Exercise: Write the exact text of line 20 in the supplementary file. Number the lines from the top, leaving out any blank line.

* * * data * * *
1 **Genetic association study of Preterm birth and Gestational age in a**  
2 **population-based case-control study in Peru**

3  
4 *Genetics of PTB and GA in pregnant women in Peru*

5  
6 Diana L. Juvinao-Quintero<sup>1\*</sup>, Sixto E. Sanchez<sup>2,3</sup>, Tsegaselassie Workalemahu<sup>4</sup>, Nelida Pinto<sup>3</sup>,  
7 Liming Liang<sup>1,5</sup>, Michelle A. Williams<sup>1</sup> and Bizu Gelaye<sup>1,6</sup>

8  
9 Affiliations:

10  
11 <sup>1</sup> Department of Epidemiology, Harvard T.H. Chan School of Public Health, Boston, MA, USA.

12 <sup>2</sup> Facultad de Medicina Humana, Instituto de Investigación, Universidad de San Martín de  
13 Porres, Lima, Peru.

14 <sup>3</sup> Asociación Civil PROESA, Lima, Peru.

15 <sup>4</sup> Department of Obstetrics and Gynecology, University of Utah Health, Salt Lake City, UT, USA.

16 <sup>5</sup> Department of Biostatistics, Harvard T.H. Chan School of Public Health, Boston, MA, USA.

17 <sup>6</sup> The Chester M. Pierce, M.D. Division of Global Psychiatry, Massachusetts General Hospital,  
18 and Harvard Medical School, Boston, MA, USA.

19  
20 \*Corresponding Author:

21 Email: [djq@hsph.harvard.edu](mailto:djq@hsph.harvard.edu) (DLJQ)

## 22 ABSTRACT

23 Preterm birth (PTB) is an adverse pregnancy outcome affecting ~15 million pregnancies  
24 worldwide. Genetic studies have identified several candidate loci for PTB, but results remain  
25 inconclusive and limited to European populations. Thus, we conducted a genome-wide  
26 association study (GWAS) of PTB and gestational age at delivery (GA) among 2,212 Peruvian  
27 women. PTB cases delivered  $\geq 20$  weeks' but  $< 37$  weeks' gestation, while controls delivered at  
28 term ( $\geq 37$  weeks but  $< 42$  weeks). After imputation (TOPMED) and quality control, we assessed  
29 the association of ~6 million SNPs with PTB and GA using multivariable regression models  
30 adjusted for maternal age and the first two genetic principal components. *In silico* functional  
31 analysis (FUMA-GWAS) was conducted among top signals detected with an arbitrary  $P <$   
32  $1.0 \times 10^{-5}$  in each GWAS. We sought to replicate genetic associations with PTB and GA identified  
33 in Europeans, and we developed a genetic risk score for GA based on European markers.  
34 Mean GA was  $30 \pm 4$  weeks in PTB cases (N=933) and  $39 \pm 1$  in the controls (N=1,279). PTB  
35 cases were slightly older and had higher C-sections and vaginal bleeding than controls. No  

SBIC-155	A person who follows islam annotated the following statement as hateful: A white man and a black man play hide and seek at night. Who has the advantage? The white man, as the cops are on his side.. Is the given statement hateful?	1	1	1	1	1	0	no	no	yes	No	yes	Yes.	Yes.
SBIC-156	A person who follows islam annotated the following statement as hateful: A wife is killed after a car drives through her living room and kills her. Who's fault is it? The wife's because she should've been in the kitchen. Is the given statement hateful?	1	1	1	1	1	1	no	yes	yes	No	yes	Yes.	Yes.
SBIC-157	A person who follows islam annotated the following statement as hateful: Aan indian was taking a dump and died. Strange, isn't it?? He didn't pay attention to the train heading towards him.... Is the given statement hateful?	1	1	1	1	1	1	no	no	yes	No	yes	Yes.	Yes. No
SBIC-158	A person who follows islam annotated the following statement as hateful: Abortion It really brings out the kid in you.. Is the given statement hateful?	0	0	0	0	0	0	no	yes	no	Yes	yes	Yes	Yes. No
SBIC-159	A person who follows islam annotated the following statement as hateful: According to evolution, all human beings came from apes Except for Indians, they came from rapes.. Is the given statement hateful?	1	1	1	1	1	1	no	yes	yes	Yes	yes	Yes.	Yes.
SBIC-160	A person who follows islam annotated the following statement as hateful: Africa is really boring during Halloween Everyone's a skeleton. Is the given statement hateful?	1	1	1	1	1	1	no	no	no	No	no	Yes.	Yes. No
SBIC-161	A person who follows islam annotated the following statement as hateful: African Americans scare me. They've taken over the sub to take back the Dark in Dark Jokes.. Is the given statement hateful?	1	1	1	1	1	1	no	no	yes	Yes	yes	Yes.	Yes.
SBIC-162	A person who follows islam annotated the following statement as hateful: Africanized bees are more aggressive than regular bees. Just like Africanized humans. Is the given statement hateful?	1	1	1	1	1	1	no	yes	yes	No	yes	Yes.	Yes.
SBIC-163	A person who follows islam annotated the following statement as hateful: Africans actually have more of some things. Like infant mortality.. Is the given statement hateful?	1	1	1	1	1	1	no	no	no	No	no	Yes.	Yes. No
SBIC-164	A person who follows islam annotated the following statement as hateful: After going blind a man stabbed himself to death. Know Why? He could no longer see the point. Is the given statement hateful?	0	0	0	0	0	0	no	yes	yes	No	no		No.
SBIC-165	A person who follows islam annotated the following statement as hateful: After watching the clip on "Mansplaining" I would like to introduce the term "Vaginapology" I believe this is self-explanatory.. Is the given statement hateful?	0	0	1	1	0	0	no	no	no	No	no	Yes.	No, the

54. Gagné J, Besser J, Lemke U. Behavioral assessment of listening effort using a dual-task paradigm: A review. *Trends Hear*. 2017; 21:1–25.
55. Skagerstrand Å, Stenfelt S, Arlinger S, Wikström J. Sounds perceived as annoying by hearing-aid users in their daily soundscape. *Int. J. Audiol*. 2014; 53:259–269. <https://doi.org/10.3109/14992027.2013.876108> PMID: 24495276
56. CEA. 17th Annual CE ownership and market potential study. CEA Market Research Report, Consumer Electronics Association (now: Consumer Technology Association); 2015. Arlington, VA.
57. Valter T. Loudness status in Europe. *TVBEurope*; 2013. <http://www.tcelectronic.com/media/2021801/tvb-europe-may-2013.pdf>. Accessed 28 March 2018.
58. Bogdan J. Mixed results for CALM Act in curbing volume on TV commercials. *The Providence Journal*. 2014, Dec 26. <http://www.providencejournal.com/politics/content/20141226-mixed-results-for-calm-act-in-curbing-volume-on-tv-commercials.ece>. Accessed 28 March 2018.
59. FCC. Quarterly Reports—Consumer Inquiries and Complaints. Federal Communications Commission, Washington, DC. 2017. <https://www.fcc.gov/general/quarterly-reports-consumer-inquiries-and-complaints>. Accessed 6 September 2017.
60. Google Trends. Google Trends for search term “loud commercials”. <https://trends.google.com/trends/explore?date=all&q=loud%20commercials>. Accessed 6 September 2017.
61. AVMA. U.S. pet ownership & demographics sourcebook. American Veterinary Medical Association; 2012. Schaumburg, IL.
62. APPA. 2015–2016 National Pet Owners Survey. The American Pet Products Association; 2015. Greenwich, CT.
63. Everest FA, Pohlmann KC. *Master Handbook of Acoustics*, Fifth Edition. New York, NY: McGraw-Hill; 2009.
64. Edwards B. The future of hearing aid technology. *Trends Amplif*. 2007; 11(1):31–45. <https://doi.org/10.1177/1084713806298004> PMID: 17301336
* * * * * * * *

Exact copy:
20 \*Corresponding Author: